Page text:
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The net result of combined low carry-in stocks, the severe drought of 2021 and record high prices for feed barley has been a supply crunch that has made it difficult for North American maltsters to source sufficient supplies. The available barley generally has quality challenges that include very high protein content and reduced germination caused by 2021 weather conditions. We now have greater perspective on how the malting and brewing industries are dealing with the challenges associated with the less-than-optimal crop.

This year more than ever, maltsters must carefully consider the quality parameters of their barley supply. This includes protein content, percentage of kernels with pre-sprout damage and size distribution. As high-protein barley typically takes longer to absorb moisture, maltsters must closely monitor its water absorption during steeping, the first stage of malting. The barley is submerged for 24 to 36 hours with one or two dry rest periods during this time. Longer submersions followed by longer dry rests may be required. Conversely, barley with pre-harvest germination tends to uptake water more quickly, so maltsters must avoid “drowning” those water-sensitive kernels.

During germination, components of the barley kernel such as starches and proteins are broken down so as to be made usable in the brewing process. High-protein barley is associated with high beta-glucan content in finished malt. This fibre found in the barley cell wall becomes gummy during brewing, which can impede straining and filtration processes. Maltsters must ensure malt has been sufficiently modified to keep beta-glucan levels down. Protein and high moisture content can also produce excessive soluble protein, high free amino nitrogen (FAN) and can diminish extract yield, which is the rate starches convert to sugars.


Average protein content in 2021 western Canadian malting barley is 16 per cent higher than the 10-year average. Source: Canadian Grain Commission Harvest Sample Program.

The last stage of the malting process, kilning may need to be conducted at lower temperatures for longer periods to avoid undesirably dark malt colour caused by high soluble protein content.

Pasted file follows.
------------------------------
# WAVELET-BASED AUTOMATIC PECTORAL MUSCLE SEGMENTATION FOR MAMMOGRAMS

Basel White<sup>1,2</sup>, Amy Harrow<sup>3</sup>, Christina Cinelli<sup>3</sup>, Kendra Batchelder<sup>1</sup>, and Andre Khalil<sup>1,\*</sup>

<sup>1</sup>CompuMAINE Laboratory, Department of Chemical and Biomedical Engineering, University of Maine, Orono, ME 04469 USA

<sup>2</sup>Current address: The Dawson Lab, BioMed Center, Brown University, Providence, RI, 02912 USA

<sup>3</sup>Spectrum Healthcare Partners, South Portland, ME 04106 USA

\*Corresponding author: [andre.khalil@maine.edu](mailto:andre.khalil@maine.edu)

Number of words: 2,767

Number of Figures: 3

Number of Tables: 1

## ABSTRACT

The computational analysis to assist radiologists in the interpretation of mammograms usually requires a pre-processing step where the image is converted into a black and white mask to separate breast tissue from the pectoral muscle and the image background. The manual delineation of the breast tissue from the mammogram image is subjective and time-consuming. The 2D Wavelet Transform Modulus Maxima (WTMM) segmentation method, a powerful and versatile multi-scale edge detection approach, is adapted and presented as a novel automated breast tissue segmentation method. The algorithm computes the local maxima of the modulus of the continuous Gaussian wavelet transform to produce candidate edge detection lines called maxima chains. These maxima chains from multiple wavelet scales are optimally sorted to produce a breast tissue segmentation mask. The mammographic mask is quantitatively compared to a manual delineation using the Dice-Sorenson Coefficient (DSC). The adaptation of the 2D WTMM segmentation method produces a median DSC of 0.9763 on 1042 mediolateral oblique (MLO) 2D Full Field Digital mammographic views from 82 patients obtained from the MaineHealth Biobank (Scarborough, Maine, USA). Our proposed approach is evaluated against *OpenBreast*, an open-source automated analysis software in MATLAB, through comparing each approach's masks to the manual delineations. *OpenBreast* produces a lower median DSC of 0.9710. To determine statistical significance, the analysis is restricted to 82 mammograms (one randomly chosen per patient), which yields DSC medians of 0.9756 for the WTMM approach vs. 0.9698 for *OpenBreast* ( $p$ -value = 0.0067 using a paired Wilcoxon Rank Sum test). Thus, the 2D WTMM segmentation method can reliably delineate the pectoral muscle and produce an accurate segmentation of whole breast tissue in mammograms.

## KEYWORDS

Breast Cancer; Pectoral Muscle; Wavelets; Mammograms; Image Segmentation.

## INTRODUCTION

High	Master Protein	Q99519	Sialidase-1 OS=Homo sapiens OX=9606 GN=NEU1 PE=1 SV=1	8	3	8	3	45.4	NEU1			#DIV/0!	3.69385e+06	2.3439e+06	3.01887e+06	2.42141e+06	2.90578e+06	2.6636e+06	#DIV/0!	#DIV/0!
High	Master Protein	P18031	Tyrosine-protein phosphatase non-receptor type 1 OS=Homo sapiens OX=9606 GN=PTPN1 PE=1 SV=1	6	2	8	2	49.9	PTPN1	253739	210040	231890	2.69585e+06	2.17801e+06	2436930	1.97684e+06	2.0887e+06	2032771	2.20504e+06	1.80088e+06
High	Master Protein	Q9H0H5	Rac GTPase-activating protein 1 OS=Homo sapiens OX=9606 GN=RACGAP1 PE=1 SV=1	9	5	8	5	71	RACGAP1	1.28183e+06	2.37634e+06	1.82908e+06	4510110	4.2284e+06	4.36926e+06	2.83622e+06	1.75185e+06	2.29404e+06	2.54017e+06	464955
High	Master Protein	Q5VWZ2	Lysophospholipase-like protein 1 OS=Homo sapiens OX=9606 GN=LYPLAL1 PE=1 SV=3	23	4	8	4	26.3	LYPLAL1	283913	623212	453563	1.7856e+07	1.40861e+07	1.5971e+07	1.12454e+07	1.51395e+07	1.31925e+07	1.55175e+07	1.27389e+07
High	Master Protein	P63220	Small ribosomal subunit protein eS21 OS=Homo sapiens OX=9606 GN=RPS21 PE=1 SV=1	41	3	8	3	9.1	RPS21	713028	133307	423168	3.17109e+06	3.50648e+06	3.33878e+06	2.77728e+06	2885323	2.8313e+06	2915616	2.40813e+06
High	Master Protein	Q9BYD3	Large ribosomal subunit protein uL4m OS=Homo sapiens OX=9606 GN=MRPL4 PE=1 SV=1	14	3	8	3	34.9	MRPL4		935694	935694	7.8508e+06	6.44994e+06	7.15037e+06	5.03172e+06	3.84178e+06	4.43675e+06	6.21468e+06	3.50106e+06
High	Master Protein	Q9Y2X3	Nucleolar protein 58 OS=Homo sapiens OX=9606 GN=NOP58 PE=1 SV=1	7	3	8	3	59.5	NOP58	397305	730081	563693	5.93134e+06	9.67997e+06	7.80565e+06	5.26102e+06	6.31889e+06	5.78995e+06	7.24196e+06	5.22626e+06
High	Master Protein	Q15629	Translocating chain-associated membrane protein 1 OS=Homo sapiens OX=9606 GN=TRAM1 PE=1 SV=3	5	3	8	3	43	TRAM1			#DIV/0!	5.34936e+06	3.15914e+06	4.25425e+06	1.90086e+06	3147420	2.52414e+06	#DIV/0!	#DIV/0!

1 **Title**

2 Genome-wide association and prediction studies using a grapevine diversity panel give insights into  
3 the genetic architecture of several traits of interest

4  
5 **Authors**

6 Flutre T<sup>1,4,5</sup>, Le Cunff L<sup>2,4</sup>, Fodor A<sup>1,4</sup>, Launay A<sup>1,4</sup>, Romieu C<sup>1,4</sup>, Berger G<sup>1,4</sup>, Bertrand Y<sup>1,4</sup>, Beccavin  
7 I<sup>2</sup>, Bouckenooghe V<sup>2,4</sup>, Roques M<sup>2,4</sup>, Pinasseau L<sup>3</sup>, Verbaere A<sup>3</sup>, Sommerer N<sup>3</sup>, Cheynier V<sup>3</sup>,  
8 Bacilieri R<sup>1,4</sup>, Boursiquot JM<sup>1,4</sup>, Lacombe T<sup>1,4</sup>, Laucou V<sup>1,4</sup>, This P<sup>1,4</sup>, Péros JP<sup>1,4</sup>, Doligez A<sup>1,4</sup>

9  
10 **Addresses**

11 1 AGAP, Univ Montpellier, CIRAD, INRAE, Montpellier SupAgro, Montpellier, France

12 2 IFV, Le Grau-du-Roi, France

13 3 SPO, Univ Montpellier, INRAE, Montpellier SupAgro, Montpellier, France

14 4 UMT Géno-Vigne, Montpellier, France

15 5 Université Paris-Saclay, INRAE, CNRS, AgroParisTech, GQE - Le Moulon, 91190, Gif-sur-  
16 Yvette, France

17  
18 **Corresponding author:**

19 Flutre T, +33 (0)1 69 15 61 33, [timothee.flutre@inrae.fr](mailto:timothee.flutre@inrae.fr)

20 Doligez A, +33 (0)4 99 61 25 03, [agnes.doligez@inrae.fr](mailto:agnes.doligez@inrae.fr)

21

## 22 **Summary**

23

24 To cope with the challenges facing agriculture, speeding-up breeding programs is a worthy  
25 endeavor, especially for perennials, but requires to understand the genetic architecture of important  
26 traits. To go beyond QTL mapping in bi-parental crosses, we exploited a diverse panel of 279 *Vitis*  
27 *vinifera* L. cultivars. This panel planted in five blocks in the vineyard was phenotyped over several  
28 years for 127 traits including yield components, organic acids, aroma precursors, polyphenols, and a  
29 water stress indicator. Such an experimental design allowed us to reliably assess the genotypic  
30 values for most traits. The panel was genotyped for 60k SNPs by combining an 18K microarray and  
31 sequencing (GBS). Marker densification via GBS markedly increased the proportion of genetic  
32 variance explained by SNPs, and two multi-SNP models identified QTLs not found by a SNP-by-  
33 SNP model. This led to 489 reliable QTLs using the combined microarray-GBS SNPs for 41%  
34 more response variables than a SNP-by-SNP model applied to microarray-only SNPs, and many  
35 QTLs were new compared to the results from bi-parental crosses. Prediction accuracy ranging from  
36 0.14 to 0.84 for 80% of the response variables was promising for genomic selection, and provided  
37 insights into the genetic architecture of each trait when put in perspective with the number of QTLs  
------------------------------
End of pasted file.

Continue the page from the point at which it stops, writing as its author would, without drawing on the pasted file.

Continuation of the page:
Ultimately, the 2021 malting barley crop requires malt processors to dedicate more attention, resources and processing time than is typical. Assuming the maltster does their job, many of the desired brewer specifications will be met, however, high protein content is unavoidable. It can result in lower extract levels as less starch equals less sugar available for fermentation. Increased beta-glucan content can cause production problems while high FAN content can cause fermentation difficulties and impact flavour.

To offset lower extract, brewers can increase the overall malt bill (use a higher malt-to-water ratio), although this increases costs. Additional process adjustments can be made to maximize extract when kernel plumpness is low.

If the malt Certificate of Analysis indicates high beta-glucan, brewers may introduce a protein rest that allows the beta-glucanase enzyme to break down the beta-glucan material. Brewers can also add beta-glucan enzymes at a later stage to similar effect. 

Another potential challenge for brewers working with high-protein malt is the associated high enzyme content. Enzymes convert starches to sugars, but high enzyme content can cause very rapid conversion and the production of insufficient residual sugars. The result can be thin beer with little body and higher than intended alcohol content.

Maltsters and brewers are adapting to the atypical 2021 malting barley crop to produce the best quality malt and beer possible. Extraordinarily challenging, the extra production steps it has generated require time and resources. But with determined effort, beer drinkers will continue to enjoy the quality brews they expect.  

Peter Watts is the CMBTC managing director.


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